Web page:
With Toy Fair sneaking up on us again, I’ve been thinking a lot about how my attitudes about toys have changed since I first became a parent. When my oldest son was about 9 months old, I heard another parent say that nothing drove her crazier than toys. She wanted to get rid of every single toy in her house. I was running a home daycare at the time and one of my new hobbies was flipping through toy catalogs as I cared for the kids. As a new mom, toys were one of the exciting perks I had discovered and I was enjoying old favorites from my childhood and discovering great new toys that I was sure my son would love for years to come.
Fast forward nearly 8 years later. I swear, if I step on one more toy I will have the biggest garage sale of all time. My house is overrun by toys because they were all far too cool to get rid of.
I do still enjoy checking out a good toy catalog, but I’m much more selective in the toys that I will actually allow into my home. I’ve learned what I like in a toy and I won’t hesitate to reject a toy that’s a waste of money and waste of my kids’ time. There are a three main things that automatically count a toy out for me.
Electronic Toys with Limited Play Value
I have some toys lying around from when I was a kid . . . and my kids still play with them. They’ve stood the test of time. There are other toys that they play with once and never get looked at again. While I’m not completely opposed to electronic
toys, most of the one hit wonders in our house are electronic. They draw the kids in the fastest but their attention fizzles quickly or the toy breaks because there’s just too much going on with it.
I will say, that not all electronic toys are created equal. We have 3 LeapFrog Tag Pens (well, 2 Tags and 1 Tag Jr.). Theywere such a hit from the very beginning that we had to get one for everyone. The Tag was responsible for finally getting my oldest son excited about reading and now he’s an avid reader so there are some great electronic toys out there – but an electronic toy has to work a lot harder to impress me because I don’t want to add it to the pile of high-priced, unused toys.
Cheap Parts or Questionable Materials
When I first became a parent, I never thought twice about buying a plastic toy. Since then there have been some major discoveries when it comes to toy safety and parents have to really decide whether or not they can trust a toy company to make a safe toy for their children. While I have greener tendencies, I’m the first to admit that I have not banned plastic from our house. There are just too many cool plastic toys and my kids are getting older so there aren’t quite as many options for green toys that appeal to them. Because of that, I seriously think my kids would stage a rebellion if I went to all wooden toys.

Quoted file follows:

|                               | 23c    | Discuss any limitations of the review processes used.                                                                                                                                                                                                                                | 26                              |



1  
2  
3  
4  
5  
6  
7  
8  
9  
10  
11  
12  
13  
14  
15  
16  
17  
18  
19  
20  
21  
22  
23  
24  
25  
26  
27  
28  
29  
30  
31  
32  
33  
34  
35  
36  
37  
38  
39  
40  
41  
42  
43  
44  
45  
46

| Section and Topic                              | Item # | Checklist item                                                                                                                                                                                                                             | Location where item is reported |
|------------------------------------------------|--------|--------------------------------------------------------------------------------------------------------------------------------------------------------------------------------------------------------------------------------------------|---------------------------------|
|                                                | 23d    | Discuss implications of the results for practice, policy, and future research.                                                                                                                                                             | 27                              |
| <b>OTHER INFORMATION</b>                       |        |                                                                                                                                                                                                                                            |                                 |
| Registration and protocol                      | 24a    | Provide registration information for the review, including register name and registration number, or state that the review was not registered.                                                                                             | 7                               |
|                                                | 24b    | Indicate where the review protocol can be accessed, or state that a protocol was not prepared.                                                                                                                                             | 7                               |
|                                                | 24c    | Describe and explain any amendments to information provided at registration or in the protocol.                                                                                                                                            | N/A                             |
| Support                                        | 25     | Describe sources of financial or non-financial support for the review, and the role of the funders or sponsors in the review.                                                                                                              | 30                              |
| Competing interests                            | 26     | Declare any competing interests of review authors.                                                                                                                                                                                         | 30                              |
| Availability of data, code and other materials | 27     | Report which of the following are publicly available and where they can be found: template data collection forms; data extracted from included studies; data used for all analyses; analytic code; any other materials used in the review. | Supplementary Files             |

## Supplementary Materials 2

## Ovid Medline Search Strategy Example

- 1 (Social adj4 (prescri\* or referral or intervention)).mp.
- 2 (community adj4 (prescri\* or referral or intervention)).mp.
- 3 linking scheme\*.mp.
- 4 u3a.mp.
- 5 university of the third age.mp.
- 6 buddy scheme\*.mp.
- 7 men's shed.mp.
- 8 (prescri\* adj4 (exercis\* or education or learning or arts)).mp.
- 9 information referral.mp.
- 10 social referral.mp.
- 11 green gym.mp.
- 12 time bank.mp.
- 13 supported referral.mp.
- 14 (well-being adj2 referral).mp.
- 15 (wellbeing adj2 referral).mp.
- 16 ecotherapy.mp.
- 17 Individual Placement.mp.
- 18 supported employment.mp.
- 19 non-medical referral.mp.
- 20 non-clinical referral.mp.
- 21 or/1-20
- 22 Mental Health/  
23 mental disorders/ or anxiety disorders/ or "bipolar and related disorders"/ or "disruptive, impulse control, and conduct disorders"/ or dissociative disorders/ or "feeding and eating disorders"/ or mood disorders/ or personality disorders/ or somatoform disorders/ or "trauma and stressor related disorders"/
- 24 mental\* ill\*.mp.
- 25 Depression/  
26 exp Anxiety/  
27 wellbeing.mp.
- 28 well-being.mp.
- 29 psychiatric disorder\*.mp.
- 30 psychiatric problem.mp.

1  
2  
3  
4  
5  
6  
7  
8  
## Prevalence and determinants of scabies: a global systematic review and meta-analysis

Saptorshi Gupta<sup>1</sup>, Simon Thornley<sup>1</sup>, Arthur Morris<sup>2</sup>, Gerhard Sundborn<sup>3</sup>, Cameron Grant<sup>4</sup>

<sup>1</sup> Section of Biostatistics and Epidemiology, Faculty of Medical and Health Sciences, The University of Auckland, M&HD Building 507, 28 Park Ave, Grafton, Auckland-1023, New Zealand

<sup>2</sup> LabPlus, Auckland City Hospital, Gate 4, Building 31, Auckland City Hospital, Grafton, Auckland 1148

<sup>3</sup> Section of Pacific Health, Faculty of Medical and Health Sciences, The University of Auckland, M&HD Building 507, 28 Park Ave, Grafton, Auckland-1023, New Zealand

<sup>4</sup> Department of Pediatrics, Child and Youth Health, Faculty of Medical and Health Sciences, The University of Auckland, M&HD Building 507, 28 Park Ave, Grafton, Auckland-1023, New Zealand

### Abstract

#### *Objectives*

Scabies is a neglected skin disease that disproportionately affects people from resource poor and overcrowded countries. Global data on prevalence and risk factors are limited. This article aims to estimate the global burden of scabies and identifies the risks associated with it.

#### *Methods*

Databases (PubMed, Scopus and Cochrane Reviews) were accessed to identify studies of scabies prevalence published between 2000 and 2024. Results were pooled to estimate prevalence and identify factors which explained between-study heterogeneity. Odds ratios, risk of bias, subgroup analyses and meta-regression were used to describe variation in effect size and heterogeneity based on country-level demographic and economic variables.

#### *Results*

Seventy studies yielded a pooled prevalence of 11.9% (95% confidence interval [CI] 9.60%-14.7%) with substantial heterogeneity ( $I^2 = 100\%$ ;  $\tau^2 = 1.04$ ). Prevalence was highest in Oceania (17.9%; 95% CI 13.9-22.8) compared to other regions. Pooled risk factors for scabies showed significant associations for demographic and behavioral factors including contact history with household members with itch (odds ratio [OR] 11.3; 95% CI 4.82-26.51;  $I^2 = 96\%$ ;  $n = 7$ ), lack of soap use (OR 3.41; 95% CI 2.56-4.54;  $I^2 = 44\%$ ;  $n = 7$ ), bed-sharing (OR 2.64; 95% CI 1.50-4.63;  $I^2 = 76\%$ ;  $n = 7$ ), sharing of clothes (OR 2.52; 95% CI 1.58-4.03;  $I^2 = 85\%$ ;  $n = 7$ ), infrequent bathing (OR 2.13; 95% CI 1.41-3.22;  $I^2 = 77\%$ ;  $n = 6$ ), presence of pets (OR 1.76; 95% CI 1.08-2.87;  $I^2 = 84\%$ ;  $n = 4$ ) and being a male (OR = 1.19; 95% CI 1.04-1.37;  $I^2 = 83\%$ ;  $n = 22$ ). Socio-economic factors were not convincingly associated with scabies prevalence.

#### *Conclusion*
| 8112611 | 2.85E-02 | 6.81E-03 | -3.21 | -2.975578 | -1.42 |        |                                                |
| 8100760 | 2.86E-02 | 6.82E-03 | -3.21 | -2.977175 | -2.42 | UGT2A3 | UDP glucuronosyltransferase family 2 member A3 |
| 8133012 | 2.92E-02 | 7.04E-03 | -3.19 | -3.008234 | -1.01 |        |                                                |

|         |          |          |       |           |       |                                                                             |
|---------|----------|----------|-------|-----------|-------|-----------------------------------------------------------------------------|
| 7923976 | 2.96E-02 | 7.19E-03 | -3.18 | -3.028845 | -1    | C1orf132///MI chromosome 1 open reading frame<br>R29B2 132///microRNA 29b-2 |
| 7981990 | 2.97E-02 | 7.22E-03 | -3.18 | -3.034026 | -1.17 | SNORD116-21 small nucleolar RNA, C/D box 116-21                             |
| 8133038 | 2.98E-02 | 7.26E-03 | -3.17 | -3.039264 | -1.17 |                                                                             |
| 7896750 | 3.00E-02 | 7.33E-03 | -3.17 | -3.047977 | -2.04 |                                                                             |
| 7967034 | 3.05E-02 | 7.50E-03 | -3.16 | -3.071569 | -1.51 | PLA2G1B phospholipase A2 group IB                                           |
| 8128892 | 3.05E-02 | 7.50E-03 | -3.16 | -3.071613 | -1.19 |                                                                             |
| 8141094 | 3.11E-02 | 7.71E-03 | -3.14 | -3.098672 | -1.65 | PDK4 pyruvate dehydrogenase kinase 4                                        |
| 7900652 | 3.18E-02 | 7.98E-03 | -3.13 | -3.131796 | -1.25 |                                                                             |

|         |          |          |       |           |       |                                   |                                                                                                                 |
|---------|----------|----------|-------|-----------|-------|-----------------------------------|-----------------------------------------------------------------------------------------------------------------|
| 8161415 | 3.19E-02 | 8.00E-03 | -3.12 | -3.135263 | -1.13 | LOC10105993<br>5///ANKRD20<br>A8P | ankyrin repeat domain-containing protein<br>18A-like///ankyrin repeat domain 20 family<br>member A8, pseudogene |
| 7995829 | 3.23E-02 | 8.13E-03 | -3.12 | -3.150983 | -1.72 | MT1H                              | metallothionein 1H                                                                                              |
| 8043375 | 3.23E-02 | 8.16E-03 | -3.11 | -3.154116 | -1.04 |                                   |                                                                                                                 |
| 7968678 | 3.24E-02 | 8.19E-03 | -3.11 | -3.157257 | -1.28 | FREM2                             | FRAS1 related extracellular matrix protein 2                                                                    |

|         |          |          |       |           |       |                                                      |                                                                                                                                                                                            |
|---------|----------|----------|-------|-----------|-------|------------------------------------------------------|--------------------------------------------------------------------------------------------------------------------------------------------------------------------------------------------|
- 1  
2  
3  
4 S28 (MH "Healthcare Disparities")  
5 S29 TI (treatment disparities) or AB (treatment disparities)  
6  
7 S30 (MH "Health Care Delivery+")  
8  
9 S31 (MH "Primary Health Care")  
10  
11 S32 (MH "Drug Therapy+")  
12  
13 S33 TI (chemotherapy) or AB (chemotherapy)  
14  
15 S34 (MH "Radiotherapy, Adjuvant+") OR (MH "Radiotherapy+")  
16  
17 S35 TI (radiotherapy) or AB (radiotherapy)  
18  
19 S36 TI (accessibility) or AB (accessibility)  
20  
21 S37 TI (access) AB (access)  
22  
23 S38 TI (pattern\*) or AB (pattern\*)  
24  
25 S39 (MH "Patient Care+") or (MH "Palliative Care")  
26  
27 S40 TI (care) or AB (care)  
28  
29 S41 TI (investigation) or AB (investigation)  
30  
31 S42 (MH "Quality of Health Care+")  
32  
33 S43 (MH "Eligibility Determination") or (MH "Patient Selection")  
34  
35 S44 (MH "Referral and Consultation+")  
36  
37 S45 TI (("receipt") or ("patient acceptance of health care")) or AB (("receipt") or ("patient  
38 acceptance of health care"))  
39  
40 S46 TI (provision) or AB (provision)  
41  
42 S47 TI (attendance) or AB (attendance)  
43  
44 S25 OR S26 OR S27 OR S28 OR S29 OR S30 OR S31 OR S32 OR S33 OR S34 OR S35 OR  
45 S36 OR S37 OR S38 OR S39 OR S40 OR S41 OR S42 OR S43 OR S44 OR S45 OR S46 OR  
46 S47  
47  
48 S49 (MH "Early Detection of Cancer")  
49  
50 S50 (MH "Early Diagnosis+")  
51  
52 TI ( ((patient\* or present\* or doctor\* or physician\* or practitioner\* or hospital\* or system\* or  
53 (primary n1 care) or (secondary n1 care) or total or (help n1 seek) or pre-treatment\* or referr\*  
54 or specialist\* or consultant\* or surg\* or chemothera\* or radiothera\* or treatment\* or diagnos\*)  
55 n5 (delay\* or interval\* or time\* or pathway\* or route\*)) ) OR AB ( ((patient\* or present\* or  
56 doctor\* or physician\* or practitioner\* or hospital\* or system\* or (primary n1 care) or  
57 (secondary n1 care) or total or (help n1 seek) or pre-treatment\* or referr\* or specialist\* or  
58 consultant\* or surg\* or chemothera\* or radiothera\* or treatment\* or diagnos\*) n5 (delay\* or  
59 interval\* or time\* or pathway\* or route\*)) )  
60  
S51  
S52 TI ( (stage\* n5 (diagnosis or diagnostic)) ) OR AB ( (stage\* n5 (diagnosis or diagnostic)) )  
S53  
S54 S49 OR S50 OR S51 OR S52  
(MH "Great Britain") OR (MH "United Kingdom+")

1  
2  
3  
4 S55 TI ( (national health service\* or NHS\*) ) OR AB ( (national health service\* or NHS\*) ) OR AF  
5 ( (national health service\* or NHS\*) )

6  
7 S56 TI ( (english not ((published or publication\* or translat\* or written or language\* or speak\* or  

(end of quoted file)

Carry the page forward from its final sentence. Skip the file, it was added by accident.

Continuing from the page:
I am more selective when it comes to buying plastic toys though, and even wooden toys since the painted surfaces can contain lead and other harmful materials. As a consumer, I expect toy companies to be able to tell me what materials are in their products. If they can’t do that, I’ll probably move on to another brand. There are some great companies, big and small, that take a responsible approach to toy making. A few of my favorites are Plan Toys, ImagiPlay, and Haba.
I stay up to date on product recalls, especially since I do have a mix of toys in my home, and I tend to steer away from brands I’m not familiar with if they can’t tell me what is in their products. It pays to be an informed consumer. I’ve had to pull a few recalled toys out of my home over the last few years and as a parent, that’s scary. I’d rather choose products that are safe from the beginning whenever I can.
Products Designed for Parents and Not Kids
Despite the fact that there are many parents who love toys, toys are meant for kids and they should be designed with kids in mind. While this may seem obvious, there are actually many companies who design and market toys to parents. Elaborately designed crib mobiles come to mind. When looking at a toy, even if it’s one that I think it absolutely adorable, I have to look at it from a child’s perspective because ultimately, if it doesn’t appeal to my kids, it’s a waste of money. Some companies, such as Fisher Price, really do a great job of researching what kids and moms want in a product before bringing it to market – and it shows in the end result.
Kids look at toys differently than adults do. It always makes me laugh when I buy a toy, having a general idea of how my kids are going to play with it, and they come up with something completely different. It’s this reason that really, really makes me wish kids were allowed at Toy Fair. I’d be so much more effective if I could just wander through the convention with my kids and let them lead me to the toys that they naturally gravitated towards. Instant market research.
What do you look for in a toy?